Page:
Former Mayor Kirk Caldwell's gubernatorial campaign faces early fundraising challenge

Aug. 4—Former Mayor Kirk Caldwell's gubernatorial hopes suffered a serious blow when he struggled to raise just $9, 760 in campaign contributions over the past six months.

"People don't think he can win, " said Colin Moore, director of the University of Hawaii's Public Policy Center. "I think it's that simple."

The Democratic Primary for governor is still a year away, but Moore said Caldwell's latest fundraising numbers show that his gubernatorial ambitious are in political peril.

Only six individuals and one company donated to his campaign since February, according to the latest financial disclosure information that Caldwell's campaign reported Monday night to the Campaign Spending Commission.

By comparison, Lt. Gov. Josh Green raised $424, 212 during the same period through more than 230 donations, including well-known names in the community and health officials, who sometimes donated more than once.

If Caldwell fails to make it out of the primary, he would join a list of Honolulu mayors who could not win the governorship, including Mufi Hannemann and the late Frank Fasi. Former Maui Mayor Linda Lingle did become governor after branding herself as a moderate Republican neighbor island outsider and served two terms starting in 2002.

Hannemann served as mayor from 2005 to 2010 and remains chief executive officer and president of the Hawaii Lodging &Tourism Association. He ran for governor in 2010, Congress in 2012 and governor in 2014.

Fasi, who died in 2010, won election to the mayor's office six times and lost five times but failed to win the gubernatorial race in each of his four attempts.

Big-city mayors around the country get both credit and blame, sometimes for issues they're not even responsible for, said political analyst Neal Milner.

Locally, both Hannemann and Caldwell are blamed for the city's troubled rail project, which faces a $3 billion shortfall and no plan to complete the system to Ala Moana Center.

"Caldwell has rail hanging over him, for sure, " Milner said.

Caldwell's campaign Tuesday issued a statement to the Honolulu Star-Advertiser that said, "Kirk thought it was important to start his campaign for governor by connecting first with the community leaders on Oahu and all the neighbor islands, not on raising money. That was his major focus in the first part of the year. He held his first major fundraiser, via Zoom, at the end of July. Kirk looks forward to a vigorous campaign, and to debating all of the many issues facing the entire state."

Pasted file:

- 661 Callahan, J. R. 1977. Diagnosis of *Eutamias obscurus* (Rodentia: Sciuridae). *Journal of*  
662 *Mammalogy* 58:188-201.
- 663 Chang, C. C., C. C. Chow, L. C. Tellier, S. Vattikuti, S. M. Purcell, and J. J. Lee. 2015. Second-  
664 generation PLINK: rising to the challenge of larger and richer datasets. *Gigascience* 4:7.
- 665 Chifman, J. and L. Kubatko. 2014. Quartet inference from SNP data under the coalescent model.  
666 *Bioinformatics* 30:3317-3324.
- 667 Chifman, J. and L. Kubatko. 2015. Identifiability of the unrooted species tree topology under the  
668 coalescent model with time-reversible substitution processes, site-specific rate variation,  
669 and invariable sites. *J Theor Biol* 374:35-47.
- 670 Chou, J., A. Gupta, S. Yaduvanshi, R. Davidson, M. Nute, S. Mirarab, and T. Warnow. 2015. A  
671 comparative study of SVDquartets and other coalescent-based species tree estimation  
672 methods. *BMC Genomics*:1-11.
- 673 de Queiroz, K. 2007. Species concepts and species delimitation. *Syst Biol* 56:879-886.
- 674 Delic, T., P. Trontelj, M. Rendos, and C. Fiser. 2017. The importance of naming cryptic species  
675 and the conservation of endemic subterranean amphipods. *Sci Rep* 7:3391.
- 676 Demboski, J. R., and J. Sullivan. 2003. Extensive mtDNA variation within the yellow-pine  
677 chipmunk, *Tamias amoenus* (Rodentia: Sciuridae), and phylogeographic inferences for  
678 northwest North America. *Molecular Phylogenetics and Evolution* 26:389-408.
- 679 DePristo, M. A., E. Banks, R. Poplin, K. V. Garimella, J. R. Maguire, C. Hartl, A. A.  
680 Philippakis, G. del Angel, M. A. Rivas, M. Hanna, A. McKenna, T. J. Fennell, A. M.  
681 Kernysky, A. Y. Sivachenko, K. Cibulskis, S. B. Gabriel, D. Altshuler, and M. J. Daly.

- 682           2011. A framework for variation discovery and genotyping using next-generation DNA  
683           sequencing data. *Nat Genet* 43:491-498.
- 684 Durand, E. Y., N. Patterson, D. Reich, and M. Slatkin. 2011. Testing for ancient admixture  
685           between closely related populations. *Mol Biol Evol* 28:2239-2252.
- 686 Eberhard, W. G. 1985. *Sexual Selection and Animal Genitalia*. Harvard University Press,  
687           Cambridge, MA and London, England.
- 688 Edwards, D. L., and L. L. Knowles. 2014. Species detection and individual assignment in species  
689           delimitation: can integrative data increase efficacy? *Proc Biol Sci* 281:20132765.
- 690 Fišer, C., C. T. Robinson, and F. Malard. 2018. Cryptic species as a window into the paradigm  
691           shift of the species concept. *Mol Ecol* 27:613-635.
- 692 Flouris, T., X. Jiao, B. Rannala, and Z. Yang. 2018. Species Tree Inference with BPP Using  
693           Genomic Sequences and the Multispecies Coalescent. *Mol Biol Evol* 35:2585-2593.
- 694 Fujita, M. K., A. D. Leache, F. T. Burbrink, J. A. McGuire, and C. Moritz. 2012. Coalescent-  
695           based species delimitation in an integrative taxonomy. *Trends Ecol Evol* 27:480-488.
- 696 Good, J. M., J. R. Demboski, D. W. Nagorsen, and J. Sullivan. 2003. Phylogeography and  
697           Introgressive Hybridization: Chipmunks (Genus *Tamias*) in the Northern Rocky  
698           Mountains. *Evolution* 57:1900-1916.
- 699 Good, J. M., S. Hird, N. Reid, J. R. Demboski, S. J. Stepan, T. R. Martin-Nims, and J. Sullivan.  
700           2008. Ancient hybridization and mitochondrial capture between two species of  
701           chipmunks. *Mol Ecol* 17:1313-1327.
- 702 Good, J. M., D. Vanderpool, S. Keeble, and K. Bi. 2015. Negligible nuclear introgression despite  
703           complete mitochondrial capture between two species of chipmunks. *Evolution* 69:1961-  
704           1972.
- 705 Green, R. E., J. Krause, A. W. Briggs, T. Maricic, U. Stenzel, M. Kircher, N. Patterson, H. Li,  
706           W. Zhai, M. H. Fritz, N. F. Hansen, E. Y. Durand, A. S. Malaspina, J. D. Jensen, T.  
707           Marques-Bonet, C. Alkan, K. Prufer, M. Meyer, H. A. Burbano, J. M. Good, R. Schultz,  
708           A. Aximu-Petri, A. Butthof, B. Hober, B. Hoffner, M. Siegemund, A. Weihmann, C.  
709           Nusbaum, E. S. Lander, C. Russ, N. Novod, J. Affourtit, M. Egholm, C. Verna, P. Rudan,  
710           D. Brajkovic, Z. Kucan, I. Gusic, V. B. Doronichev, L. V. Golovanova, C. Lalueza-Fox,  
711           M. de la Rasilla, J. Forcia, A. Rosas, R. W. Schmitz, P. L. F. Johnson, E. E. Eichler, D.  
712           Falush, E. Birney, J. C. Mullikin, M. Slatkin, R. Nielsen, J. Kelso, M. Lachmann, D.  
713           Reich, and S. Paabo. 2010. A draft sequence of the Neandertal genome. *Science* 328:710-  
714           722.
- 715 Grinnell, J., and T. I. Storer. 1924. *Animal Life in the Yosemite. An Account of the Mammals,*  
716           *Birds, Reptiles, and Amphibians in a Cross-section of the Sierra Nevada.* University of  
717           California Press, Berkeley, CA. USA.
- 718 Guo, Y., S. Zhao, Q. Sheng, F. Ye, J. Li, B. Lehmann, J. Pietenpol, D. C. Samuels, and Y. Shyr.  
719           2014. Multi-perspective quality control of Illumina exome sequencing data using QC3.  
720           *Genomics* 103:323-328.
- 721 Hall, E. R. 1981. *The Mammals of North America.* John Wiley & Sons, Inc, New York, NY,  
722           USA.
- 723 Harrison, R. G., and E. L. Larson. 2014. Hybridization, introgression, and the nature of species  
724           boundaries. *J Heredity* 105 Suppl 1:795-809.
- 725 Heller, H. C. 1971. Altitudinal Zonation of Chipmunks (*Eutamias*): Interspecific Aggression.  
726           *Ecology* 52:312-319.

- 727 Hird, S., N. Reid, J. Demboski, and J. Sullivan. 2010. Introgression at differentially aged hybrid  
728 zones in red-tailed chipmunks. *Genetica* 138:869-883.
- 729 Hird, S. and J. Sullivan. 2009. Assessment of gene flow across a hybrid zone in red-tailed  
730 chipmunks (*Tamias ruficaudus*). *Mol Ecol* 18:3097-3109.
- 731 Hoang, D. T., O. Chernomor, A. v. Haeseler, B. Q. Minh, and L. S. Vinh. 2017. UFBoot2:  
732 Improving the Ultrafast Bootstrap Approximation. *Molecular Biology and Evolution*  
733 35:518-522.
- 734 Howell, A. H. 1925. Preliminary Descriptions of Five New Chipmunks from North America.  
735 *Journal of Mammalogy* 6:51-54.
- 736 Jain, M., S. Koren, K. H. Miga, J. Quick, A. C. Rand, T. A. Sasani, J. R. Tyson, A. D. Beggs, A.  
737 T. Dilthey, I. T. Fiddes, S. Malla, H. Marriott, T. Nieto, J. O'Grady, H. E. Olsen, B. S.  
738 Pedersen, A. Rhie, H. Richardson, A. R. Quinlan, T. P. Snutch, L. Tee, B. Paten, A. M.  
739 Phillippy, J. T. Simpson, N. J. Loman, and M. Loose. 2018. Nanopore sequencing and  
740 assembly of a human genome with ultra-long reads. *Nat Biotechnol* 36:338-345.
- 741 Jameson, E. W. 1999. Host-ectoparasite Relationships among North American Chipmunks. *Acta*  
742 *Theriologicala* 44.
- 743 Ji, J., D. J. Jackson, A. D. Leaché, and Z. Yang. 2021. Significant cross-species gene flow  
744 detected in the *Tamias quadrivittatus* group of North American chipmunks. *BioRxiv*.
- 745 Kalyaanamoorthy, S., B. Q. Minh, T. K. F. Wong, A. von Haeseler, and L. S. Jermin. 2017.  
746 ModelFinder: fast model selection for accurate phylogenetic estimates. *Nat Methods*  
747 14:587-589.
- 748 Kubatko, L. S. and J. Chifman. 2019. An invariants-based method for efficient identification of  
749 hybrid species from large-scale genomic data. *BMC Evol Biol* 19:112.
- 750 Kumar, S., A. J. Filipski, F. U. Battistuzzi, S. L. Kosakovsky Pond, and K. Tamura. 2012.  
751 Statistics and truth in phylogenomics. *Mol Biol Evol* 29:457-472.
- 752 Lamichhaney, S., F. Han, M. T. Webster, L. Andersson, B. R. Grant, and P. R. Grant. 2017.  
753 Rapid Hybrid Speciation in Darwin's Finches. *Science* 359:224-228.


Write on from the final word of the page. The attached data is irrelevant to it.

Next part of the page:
During a July appearance on the Star-Advertiser's Spotlight Hawaii livestream show, Caldwell was asked about his political future after serving as state House majority leader and two terms as mayor.

"I liked elected office, " Caldwell told Spotlight Hawaii. "It's in my blood and I'm not ready to retire. I want to run for higher office. As you know, I've had some fundraisers running for governor, and I'm working very hard reaching out to the community, to the people of Hawaii, to get their support in a race for governor. It's just begun."

Since leaving the mayor's office because of term limits, Caldwell said he has been traveling to the neighbor islands "talking story " and "basically listening more than talking and feeling their concerns and their joy."

Unlike other potential gubernatorial candidates, Caldwell told Spotlight Hawaii that he is the only one who has had to make tough decisions as an elected official.

And that may be part of the reason for Caldwell's low fundraising numbers so far.

"That's why no (Honolulu ) mayor has ever become governor, " Moore said. "You make a lot of hard decisions, you make a lot of enemies compared to being Lt. Gov. Green. Being L.G., you're sort of in the sweet spot. That's why it's always been a great position. You get a lot of publicity without a lot of responsibility. The COVID crisis was perfect for someone like Josh Green, who's a physician. It's a very different situation than being mayor. You can pick your battles, but you're not really responsible for anything."

Green, a Big Island emergency room physician, has been a leading voice during the COVID-19 pandemic, sometimes offering different perspectives from Gov. David Ige.

Former Hawaii first lady Vicky Cayetano told the Star-Advertiser last month that she is considering a gubernatorial run, but did not file a campaign spending report by Monday night's deadline.

Even if Cayetano mounts a campaign, Moore said that she would not represent a challenge to Green.

"She's a very credible candidate and a candidate to take seriously, " Moore said. "In a Democratic primary a wealthy businesswoman like Vicky Cayetano will do OK, but she won't get more than 25 % or 30 % of the vote. It's not going to be enough."

Caldwell's fundraising report is certain to get attention and raise questions about his chances that could further jeopardize his campaign, Milner said.

"It certainly suggests to me that Mayor Caldwell has a much rougher road, " Milner said. "You would think because he's raised big money in the past that he had a pretty strong network of people who would give money."

Moore was more blunt.

He believes Caldwell's latest fundraising figures show a campaign in early trouble.

"One of the mayor's advantages has been that he's always been able to raise money, " Moore said. "He's from finance. He has money. In the past that was always something Kirk Caldwell could deliver : money. Being mayor of the City and County of Honolulu, you have a lot of baggage. Donors like to invest in a candidate they think can win."